***The bio will appear in a slightly different version with some crazy photos in the College of Arts and Sciences magazine, Ask, due out at the end of Oct. You could link to this page: http://drexel.edu/coas/news/publications/.
This is (primarily) the story of my life, but through the filter of language. (For a story of my life through ghostly visitations, see my short-short in Opium. For a story of my life through food, see my essay in The Smart Set. For a story of my life through sex, alcohol, and my children, stay tuned.)
I was born in Pittsburgh, PA, the third child and first daughter to my parents, Jerry and Joanne Volk. My father loves to claim that I was born talking. My mother just loved to tell the story of how much she wanted a daughter after two sons, and how lovely it was to have her daughter brought to her on a sunny Palm Sunday. I like my mother’s story better.
When I was in about 4th grade I had a severe case of walking pneumonia and was homebound for more than a month. During that time, my mother bought me book after book after book. I read all of the Five Little Pepper series, The Borrowers, A Tree Grows in Brooklyn, Little Women, and probably at least half of the Nancy Drew series. I see that period as the beginning of my never-ending love of books.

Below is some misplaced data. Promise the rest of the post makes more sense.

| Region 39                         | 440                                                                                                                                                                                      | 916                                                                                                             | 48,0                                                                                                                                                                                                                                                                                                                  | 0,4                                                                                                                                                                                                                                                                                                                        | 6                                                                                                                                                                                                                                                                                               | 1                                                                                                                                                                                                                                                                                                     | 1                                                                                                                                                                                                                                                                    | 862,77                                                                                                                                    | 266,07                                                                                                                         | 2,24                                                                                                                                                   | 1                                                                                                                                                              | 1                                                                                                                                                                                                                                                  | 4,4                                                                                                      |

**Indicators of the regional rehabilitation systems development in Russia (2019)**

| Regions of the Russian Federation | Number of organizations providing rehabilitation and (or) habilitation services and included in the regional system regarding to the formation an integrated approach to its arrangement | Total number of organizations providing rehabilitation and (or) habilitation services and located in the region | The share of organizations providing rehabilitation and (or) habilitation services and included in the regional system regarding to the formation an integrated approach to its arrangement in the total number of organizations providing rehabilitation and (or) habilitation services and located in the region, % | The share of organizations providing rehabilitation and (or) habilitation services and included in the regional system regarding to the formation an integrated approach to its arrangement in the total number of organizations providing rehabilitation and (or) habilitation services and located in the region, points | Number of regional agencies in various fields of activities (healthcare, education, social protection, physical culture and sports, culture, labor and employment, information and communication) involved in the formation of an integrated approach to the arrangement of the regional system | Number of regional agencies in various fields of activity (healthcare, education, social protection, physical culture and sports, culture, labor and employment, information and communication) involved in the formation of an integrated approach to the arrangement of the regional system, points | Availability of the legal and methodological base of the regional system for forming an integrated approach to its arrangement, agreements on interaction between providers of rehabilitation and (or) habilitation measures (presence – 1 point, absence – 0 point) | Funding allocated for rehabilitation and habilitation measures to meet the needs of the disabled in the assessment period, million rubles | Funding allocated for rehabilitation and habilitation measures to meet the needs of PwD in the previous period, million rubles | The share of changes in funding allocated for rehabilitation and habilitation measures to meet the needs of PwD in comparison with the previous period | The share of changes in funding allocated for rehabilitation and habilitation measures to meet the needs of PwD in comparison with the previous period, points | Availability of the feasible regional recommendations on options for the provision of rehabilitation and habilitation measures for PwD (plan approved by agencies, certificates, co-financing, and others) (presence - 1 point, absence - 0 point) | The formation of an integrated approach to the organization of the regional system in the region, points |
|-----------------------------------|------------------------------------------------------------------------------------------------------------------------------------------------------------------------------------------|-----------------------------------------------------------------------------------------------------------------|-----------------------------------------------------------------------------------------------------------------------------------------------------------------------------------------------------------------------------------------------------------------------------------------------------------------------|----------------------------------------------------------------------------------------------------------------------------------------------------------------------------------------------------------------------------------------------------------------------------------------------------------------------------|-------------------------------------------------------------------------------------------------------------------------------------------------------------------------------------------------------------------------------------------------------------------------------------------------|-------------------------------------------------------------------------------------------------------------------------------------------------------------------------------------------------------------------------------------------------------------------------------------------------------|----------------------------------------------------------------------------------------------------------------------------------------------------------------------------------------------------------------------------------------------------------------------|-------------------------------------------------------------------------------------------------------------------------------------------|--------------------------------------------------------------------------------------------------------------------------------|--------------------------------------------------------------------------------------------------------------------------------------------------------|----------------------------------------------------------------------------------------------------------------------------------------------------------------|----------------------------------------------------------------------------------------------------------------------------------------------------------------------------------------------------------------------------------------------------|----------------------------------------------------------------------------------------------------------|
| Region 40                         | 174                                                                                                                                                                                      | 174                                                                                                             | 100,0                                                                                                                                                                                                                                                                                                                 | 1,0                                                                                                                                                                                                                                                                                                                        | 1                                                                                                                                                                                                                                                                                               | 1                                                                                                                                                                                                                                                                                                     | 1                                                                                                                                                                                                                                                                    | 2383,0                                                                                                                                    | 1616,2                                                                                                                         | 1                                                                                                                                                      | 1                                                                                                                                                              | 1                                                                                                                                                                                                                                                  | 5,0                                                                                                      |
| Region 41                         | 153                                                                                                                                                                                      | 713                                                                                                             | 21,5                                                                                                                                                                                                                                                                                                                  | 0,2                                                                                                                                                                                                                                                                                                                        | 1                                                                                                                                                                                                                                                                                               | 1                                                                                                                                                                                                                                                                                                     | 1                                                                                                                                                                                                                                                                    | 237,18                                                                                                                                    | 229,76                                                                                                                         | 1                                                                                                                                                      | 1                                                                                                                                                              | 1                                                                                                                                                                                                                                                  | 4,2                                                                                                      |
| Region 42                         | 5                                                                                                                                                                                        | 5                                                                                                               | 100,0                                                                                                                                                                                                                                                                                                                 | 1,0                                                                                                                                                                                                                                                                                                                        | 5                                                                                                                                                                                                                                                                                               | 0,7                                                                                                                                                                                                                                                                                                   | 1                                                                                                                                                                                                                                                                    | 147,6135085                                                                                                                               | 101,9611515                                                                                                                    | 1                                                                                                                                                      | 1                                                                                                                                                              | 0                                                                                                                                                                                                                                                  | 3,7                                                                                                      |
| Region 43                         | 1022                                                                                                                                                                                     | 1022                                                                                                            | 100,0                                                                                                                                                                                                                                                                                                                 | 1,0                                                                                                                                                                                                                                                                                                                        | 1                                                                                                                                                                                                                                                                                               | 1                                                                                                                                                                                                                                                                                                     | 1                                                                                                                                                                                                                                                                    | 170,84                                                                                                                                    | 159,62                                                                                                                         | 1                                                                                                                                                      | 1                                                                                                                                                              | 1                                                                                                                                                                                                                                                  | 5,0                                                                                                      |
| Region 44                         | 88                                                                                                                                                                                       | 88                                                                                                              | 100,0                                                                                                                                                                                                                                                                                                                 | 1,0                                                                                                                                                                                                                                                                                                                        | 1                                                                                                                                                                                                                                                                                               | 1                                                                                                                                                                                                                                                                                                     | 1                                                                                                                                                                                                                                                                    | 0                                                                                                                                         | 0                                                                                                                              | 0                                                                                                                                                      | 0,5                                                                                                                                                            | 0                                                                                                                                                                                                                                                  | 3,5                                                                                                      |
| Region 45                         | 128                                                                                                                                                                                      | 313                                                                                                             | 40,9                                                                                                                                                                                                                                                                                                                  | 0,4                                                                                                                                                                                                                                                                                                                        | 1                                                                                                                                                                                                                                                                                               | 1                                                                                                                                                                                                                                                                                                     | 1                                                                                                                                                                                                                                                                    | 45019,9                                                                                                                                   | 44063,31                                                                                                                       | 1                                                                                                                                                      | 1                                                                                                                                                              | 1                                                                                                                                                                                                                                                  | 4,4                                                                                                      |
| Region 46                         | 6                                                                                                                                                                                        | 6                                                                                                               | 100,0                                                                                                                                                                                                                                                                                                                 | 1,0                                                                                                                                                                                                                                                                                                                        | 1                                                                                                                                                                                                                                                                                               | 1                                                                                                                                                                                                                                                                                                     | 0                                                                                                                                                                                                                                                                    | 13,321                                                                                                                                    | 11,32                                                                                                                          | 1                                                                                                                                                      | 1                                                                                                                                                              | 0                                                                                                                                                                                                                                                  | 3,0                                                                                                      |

I was such a nerd that, at one point, in about 6th grade, I created my own library cards for my books, complete with plot synopsis, a numbering system, etc. My class did a Polly Anna for the holidays and I put down my preferred gift as a bound notebook and a package of classic blue Bic’s—still a favorite pen choice. My crush picked my name and I was humiliated when he handed me the package. The other kids were opening cassette tapes and nail polish sets and Bonne Bell Lip smackers and card games. My crush chose a black faux leather journal and the requested Bic’s. When I opened the package he whispered, “I like to write, too.” I was thrilled on many levels.
I grew up in this strange pocket of the South Hills of Pittsburgh—a tiny neighborhood called Lincoln Place, somehow classified and as part of the city of Pittsburgh even though we were surrounded by other towns with their own school districts. This meant the Bookmobile came to the local A & P parking lot. I read every YA book and every slightly appropriate classic novel they carried. The librarians loved me, of course, and would bring five or six books they hand selected each week.
This weird location meant a 20-minute bus ride to high school. This meant more of sense of displacement for me, but I found my niche; I found other would-be writers and love-to-read’ers and in my junior year, developed a literary magazine at my high-school.